G-d opened the donkey’s mouth, who plaintively demanded of Balaam, “What have I done to you, that you have beaten me these three times?” Balaam responded that the donkey had made a mockery of him, and that if he only had a sword, he would kill the donkey. The donkey then responded to Balaam, “I am the donkey that you have been riding all along until this day. Have I ever done this to you before?” Balaam answered, “No.”

G-d finally uncovered Balaam’s eyes, enabling Balaam to see the angel of G-d standing in the way with his drawn sword in his hand. Balaam bowed down to the ground. The angel of G-d demanded to know why Balaam beat his donkey three times, pointing out to Balaam that the donkey saw the angel but the great prophet, Balaam, did not. Had the donkey not moved away, Balaam would have been dead. Balaam cried out that he has erred, and that he is willing to turn back, if that is G-d’s will.

The angel then told Balaam that he may go with Balak, reiterating G-d’s command that Balaam not say anything, except what G-d allows him to say.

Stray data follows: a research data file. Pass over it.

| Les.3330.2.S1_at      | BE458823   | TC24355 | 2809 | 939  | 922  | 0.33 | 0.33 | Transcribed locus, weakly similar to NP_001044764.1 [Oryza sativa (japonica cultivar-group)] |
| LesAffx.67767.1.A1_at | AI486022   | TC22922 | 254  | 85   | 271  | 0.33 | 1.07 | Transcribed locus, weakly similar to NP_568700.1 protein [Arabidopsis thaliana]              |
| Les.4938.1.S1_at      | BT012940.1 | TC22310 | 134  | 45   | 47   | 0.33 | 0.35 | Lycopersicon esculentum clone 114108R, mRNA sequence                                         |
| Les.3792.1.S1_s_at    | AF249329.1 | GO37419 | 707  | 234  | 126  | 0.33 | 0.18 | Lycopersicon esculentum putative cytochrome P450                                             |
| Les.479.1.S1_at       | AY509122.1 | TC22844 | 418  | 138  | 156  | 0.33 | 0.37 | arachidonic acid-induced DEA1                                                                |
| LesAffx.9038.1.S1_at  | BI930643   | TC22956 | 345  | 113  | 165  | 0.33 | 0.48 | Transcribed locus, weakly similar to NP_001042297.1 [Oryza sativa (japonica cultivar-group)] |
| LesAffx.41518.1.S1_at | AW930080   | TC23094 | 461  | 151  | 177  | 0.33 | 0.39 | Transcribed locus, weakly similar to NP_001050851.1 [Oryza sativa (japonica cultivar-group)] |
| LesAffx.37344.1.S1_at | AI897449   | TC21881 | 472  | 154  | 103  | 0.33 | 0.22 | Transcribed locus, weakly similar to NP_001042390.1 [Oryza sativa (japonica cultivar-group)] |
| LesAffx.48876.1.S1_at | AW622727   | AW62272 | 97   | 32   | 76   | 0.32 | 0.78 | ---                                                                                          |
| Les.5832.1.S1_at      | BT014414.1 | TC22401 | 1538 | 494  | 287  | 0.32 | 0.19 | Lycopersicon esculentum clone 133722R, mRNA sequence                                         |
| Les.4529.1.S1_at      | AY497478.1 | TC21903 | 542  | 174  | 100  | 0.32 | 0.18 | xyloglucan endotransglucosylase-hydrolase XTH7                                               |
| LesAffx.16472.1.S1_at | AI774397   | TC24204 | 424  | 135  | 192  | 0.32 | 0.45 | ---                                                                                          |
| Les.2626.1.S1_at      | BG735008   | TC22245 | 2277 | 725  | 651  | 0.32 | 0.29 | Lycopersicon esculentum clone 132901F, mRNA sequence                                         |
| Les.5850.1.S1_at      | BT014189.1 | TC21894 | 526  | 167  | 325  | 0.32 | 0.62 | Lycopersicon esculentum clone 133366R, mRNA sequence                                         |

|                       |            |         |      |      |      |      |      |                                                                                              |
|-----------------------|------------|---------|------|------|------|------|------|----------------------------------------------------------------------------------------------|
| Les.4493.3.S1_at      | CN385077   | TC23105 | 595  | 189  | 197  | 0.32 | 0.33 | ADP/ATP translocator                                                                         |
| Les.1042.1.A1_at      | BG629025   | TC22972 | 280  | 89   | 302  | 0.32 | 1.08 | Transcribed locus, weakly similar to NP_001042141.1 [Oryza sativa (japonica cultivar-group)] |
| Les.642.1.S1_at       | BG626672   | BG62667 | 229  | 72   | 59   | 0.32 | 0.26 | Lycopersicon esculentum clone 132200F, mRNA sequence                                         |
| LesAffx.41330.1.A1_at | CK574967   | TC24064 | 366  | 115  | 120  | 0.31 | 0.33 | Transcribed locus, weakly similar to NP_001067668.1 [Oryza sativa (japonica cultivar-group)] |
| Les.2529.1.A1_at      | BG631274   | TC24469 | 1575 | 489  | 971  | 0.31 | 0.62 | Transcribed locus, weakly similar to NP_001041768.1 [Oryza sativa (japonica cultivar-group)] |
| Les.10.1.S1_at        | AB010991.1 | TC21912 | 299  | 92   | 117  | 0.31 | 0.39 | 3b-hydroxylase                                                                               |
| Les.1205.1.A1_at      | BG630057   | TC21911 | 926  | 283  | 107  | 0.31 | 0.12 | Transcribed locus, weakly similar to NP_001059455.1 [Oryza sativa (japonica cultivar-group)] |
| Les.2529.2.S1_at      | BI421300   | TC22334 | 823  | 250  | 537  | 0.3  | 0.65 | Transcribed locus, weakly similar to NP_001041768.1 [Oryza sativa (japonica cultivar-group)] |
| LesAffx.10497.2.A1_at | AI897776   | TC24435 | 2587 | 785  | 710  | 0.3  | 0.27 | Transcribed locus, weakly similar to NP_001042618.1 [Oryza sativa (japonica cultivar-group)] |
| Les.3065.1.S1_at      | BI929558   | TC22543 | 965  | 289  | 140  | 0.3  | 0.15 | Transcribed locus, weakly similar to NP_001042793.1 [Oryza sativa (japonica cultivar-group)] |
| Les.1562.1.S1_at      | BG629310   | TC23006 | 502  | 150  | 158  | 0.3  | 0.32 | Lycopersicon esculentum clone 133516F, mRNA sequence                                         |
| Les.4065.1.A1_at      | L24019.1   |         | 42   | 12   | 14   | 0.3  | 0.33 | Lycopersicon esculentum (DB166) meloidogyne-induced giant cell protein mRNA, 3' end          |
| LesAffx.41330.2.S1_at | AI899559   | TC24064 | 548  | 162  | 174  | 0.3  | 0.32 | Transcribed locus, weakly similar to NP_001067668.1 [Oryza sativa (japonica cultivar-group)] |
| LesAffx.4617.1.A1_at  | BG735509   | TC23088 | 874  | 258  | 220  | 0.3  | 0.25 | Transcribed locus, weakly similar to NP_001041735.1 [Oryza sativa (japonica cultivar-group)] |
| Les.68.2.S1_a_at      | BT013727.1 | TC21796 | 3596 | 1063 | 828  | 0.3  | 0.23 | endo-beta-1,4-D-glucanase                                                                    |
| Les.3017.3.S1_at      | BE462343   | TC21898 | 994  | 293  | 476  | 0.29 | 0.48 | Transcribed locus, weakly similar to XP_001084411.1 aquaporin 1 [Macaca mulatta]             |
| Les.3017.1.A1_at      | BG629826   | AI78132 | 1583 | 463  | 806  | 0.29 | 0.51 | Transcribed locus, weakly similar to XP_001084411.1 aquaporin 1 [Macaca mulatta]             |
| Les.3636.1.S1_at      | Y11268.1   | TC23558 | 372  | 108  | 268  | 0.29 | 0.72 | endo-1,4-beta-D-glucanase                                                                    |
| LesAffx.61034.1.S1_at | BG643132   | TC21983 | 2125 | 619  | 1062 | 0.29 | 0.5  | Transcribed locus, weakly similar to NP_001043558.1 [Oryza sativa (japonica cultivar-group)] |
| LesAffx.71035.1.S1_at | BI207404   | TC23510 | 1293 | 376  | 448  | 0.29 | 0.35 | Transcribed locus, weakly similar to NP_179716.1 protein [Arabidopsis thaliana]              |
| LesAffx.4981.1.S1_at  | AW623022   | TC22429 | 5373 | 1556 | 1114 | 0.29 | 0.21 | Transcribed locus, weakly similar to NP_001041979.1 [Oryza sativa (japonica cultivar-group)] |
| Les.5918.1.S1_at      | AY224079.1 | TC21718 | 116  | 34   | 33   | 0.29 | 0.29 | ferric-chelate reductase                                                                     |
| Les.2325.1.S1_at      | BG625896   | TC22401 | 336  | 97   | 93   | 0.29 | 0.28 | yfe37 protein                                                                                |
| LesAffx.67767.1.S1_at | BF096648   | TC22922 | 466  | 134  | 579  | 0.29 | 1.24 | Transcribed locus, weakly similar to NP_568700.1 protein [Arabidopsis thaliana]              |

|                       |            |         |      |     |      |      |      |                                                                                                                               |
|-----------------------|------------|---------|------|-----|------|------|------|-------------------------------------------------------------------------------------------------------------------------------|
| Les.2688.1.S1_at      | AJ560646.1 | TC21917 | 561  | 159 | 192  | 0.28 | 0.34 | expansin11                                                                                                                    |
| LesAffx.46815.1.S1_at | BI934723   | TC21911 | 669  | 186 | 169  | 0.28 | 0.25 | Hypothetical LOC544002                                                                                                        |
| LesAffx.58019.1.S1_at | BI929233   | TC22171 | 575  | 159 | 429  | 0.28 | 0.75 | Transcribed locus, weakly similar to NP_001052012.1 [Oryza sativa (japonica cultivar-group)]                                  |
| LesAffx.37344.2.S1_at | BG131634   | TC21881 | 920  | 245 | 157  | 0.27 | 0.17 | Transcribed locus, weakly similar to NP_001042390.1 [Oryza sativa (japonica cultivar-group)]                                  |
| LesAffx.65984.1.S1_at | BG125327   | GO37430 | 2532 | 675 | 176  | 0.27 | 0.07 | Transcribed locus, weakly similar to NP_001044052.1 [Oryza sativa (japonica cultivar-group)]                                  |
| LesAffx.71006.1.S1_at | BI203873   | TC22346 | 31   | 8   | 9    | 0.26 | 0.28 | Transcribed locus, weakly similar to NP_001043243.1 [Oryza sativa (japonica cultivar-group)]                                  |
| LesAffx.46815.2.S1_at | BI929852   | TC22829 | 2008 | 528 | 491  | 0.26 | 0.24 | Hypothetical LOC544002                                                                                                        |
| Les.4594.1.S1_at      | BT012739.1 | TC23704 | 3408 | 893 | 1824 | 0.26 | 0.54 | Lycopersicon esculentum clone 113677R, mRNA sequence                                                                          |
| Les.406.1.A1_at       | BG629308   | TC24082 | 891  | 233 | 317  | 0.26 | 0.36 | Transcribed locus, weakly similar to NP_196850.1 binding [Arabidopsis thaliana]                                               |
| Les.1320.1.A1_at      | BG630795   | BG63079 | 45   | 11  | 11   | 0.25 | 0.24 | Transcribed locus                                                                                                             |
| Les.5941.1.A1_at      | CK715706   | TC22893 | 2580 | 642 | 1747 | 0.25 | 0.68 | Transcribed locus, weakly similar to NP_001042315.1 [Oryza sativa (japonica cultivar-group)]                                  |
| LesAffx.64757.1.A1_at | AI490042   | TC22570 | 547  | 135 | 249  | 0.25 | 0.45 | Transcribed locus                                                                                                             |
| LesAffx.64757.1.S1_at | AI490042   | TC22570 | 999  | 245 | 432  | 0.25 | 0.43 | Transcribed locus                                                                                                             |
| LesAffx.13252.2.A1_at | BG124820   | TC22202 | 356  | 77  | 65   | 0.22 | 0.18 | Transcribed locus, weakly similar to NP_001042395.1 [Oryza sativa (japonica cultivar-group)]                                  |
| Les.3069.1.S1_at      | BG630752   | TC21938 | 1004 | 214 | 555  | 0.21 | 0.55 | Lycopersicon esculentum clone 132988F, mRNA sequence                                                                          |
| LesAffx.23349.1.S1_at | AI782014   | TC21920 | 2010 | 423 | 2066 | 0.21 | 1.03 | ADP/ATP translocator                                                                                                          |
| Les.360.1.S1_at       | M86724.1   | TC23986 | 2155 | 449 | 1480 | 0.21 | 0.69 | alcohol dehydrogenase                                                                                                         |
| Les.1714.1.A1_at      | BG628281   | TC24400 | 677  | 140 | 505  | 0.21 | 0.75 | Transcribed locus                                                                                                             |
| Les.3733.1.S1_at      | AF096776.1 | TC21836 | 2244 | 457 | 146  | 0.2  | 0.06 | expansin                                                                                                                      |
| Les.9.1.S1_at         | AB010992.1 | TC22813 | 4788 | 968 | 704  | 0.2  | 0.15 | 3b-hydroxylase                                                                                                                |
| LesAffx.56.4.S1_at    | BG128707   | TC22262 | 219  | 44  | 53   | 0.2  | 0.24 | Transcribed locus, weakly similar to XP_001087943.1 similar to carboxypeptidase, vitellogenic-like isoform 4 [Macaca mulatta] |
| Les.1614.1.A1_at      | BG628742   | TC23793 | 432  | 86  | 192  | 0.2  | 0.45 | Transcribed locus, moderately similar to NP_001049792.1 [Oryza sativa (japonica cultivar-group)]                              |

There is a dispute among the commentators about whether the story of Balaam’s speaking donkey is to be taken literally or not. Maimonides, the rationalist, sees the story as a vision or a dream. Rabbi Moshe Chaim Luzzatto says that the donkey did not really speak, but that Balaam was able to understand from the animal’s sounds what the donkey was trying to convey.

Some of the commentators point out that the story is full of irony and even subtle humor. It is not only the fact that the donkey speaks, but what is particularly uncomplimentary to Balaam is that his donkey sees, but the great “prophet,” with his presumed superior spiritual powers, sees absolutely nothing.

The Mishna, in Avot 5:8, declares that at the time of the world’s creation, ten things were created at twilight on the eve of the very first Sabbath: the mouth of the earth, the mouth of the well, the mouth of the [Balaam’s] donkey, the rainbow, the manna, the staff, the שָׁמִיר shamir (the worm that cut the rock), the Hebrew alphabet, the instrument that was used to inscribe the tablets, and the tablets themselves.